Greg Corombos of Radio America and Jim Geraghty of National Review applaud Hawaii Democratic Rep. Tulsi Gabbard for being a fearless voice against her own party on the issue of national security. They also rip United Health for just now realizing that Obamacare is a disaster for their bottom line. And they groan as Hillary uses little girls in an ad to pitch the need for a female president.

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Greg Corombos of Radio America and Jim Geraghty of National Review cheer Oklahoma Wesleyan University President Everett Piper for telling students to grow up and quit complaining every time they get their feelings hurt. They also groan as Russia and Turkey crank up the tensions instead of focusing on the actual enemy. And they point out the hypocrisy of world leaders dining at a posh French restaurant after telling the world we need to share the sacrifice in fighting climate change.

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History professor Burt Folsom became friends with Mitch Rutledge, a convicted murderer on death row in Alabama — and he tells about it in a book he has co-authored with his wife Anita, Death on Hold: A Prisoner’s Desperate Prayer and the Unlikely Family who Became God’s Answer.

In a 10-minute conversation with The Bookmonger, Folsom describes what compelled him to get in touch with Rutledge, why prison rehabilitation is so hard, and why a guy who has written best-selling books on FDR and the New Deal would take up this subject.

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Greg Corombos of Radio America and Jim Geraghty of National Review are glad to see some coverage returning to the issue of Hillary Clinton making decisions at the State Department that regularly favored huge donors to the Clinton Foundation. They also shake their heads at Pres. Obama after he suggests holding a summit on climate change is the best possible rebuke towards ISIS. And Jim unloads on liberal double standards over when political speech supposedly contributes to the motives of shooters and he also rails against the notion that we have to tone down the rhetoric in the hopes that crazy people might stop wanting to kill others.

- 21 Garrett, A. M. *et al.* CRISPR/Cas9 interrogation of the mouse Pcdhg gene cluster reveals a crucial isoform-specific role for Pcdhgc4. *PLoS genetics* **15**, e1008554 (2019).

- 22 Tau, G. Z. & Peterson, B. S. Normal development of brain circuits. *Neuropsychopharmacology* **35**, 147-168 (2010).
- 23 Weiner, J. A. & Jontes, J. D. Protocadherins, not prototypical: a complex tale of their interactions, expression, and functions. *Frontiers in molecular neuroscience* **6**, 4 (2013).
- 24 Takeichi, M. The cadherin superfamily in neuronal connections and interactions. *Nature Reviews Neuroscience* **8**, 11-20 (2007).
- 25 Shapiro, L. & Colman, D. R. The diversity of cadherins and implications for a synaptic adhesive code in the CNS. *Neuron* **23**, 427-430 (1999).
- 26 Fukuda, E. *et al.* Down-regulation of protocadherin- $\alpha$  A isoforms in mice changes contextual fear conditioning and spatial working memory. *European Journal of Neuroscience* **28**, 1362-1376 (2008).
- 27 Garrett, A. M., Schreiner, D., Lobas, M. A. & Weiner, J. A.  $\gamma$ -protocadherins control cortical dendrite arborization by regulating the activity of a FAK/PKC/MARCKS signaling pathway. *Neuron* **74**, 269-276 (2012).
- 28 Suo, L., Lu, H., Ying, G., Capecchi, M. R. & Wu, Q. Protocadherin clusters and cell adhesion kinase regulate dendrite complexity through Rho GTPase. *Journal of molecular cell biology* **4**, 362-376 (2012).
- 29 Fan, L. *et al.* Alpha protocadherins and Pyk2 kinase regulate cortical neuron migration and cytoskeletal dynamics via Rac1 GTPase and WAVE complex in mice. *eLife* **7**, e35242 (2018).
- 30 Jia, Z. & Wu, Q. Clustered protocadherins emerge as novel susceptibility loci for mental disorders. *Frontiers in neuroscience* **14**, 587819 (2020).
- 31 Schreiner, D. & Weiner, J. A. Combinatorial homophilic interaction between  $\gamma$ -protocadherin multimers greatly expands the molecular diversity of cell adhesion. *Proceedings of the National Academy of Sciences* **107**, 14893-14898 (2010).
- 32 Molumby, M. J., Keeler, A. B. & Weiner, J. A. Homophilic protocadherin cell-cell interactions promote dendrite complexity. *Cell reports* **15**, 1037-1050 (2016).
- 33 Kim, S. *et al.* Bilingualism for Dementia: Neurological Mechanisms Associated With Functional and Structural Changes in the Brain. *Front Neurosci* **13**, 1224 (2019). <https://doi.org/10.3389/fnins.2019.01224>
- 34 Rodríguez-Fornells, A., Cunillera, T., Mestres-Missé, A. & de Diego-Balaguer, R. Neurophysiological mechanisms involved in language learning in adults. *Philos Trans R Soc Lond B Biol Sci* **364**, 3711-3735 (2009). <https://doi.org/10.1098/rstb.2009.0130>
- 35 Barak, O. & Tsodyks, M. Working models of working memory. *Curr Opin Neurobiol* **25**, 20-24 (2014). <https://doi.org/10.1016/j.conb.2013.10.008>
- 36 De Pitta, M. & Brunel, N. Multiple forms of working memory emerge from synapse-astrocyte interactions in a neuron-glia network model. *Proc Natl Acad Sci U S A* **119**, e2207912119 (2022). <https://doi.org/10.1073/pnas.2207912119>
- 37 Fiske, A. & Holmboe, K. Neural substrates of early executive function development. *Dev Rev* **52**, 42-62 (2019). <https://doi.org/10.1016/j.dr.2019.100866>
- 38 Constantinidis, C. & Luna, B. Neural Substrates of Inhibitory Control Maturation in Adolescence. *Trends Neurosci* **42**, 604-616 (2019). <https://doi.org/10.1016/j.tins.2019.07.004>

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Greg Corombos of Radio America and Jim Geraghty of National Review celebrate Black Friday by each giving out three politically-themed gifts.

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The Ricochet Law School (diplomas available on Ebay) is back in session for another romp through the legal and constitutional issues of the day. This week, do governors actually have the power to turn away turn away Syrian immigrants? Then, a look at the controversy surrounding encryption and whether or not opening it up would in fact make the world safer. Finally, should computers have First Amendment rights? The Profs have an opinion. Let us know yours in the comments below.

Tell it to the judge, EJHill.

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Greg Corombos and Jim Geraghty of National Review prepare for Thanksgiving by discussing three political things they’re thankful for.

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img_0674Many “progressive” Democrats, including Hillary Clinton rival Bernie Sanders, argue America should model itself on Scandinavia and its egalitarian social democracies. As Sanders told ABC News, “I think we should look to countries like Denmark, like Sweden and Norway, and learn from what they have accomplished for their working people.”